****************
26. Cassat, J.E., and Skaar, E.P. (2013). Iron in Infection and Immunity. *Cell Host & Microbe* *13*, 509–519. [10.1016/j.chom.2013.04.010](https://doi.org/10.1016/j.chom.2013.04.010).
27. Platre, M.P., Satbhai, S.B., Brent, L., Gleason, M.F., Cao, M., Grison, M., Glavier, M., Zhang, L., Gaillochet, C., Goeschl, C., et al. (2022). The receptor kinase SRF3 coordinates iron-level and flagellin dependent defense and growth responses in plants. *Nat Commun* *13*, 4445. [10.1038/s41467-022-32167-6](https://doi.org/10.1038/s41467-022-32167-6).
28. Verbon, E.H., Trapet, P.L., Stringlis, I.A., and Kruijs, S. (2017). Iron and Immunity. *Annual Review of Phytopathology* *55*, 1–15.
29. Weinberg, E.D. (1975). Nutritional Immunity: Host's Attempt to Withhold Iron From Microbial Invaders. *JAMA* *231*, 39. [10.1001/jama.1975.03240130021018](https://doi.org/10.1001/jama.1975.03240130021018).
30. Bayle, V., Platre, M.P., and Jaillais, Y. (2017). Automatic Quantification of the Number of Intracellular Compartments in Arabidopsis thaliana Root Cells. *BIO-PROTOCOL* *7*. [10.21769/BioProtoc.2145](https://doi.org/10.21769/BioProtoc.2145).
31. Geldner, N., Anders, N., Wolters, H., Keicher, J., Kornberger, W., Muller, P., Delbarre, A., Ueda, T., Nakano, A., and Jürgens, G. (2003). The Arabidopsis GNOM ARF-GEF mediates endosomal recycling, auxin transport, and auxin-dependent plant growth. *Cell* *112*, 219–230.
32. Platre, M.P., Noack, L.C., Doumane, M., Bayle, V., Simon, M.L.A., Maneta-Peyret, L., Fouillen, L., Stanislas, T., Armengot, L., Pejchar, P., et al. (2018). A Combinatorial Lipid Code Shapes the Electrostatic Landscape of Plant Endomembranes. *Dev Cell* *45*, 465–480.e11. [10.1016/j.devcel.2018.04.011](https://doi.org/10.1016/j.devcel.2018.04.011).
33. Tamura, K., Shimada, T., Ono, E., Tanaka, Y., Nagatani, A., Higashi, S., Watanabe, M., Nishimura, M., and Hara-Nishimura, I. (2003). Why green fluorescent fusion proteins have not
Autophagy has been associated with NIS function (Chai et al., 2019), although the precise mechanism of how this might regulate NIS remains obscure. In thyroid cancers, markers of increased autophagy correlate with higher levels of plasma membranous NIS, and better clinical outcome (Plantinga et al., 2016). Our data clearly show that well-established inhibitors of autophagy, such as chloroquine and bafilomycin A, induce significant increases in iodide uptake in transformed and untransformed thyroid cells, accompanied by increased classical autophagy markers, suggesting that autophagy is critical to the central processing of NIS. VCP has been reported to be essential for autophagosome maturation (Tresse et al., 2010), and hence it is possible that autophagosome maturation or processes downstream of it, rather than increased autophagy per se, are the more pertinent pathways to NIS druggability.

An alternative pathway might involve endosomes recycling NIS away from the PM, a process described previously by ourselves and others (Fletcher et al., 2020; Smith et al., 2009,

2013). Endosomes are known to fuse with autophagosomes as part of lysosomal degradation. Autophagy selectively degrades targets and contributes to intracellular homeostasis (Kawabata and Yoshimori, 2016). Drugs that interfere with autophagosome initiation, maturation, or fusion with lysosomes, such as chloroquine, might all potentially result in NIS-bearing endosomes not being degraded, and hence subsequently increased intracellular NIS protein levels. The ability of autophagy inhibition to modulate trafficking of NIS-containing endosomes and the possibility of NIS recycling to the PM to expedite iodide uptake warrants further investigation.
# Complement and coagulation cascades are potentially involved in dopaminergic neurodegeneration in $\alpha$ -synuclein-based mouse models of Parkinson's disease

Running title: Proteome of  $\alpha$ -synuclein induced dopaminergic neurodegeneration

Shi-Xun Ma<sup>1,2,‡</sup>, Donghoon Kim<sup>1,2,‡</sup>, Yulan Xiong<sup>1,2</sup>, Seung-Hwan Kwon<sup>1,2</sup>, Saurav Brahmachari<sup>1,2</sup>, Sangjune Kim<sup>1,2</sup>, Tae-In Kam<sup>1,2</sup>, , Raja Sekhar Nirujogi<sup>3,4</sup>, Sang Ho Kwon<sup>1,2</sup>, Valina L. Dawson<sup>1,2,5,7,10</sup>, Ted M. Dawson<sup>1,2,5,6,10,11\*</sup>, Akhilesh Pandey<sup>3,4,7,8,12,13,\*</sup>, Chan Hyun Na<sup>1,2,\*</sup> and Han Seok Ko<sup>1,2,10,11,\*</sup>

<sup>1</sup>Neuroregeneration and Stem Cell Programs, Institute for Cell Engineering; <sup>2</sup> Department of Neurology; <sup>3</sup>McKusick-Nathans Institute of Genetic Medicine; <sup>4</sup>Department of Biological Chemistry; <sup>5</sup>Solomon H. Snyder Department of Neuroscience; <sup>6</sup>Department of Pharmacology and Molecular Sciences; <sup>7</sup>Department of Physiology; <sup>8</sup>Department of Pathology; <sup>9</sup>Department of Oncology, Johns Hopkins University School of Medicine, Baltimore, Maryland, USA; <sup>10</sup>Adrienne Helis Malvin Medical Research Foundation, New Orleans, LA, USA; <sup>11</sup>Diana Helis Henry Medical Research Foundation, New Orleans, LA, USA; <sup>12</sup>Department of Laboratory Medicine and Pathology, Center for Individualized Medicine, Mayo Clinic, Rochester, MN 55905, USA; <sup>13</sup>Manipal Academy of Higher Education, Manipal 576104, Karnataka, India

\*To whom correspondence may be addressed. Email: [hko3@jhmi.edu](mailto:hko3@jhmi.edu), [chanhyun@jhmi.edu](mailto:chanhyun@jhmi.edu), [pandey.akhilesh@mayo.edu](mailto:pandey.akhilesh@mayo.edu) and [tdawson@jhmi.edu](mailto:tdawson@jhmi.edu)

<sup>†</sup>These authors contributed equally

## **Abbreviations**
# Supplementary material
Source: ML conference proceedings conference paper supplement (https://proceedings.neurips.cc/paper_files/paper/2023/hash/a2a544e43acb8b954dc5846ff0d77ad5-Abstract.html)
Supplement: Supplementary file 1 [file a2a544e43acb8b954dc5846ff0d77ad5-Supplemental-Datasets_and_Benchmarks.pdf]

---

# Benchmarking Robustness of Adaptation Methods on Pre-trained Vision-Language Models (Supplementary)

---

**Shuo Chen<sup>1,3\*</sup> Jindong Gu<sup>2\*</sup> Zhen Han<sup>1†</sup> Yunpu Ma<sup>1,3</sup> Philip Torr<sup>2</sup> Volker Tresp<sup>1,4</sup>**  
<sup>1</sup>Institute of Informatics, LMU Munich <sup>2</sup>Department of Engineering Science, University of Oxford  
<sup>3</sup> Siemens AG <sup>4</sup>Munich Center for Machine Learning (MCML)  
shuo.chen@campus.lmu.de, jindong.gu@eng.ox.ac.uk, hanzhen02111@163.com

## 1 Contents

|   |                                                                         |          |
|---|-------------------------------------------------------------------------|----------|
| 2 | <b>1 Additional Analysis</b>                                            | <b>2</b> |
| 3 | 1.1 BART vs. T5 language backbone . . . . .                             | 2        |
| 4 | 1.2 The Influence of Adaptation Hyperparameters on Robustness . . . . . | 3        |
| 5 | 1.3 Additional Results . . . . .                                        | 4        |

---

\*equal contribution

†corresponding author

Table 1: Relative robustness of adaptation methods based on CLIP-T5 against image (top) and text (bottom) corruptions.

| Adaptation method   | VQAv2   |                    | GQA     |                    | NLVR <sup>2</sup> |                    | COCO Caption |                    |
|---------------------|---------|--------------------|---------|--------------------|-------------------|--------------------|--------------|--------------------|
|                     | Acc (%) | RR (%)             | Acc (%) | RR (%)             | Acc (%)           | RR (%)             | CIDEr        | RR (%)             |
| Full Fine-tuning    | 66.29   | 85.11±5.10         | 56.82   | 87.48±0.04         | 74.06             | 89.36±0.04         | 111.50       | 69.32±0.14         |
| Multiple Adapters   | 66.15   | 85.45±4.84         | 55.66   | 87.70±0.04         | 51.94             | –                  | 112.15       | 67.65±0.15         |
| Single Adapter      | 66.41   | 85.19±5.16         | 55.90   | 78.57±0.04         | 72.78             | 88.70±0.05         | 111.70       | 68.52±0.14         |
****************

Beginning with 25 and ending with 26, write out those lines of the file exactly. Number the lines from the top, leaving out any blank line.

**Shuo Chen<sup>1,3\*</sup> Jindong Gu<sup>2\*</sup> Zhen Han<sup>1†</sup> Yunpu Ma<sup>1,3</sup> Philip Torr<sup>2</sup> Volker Tresp<sup>1,4</sup>**  
<sup>1</sup>Institute of Informatics, LMU Munich <sup>2</sup>Department of Engineering Science, University of Oxford  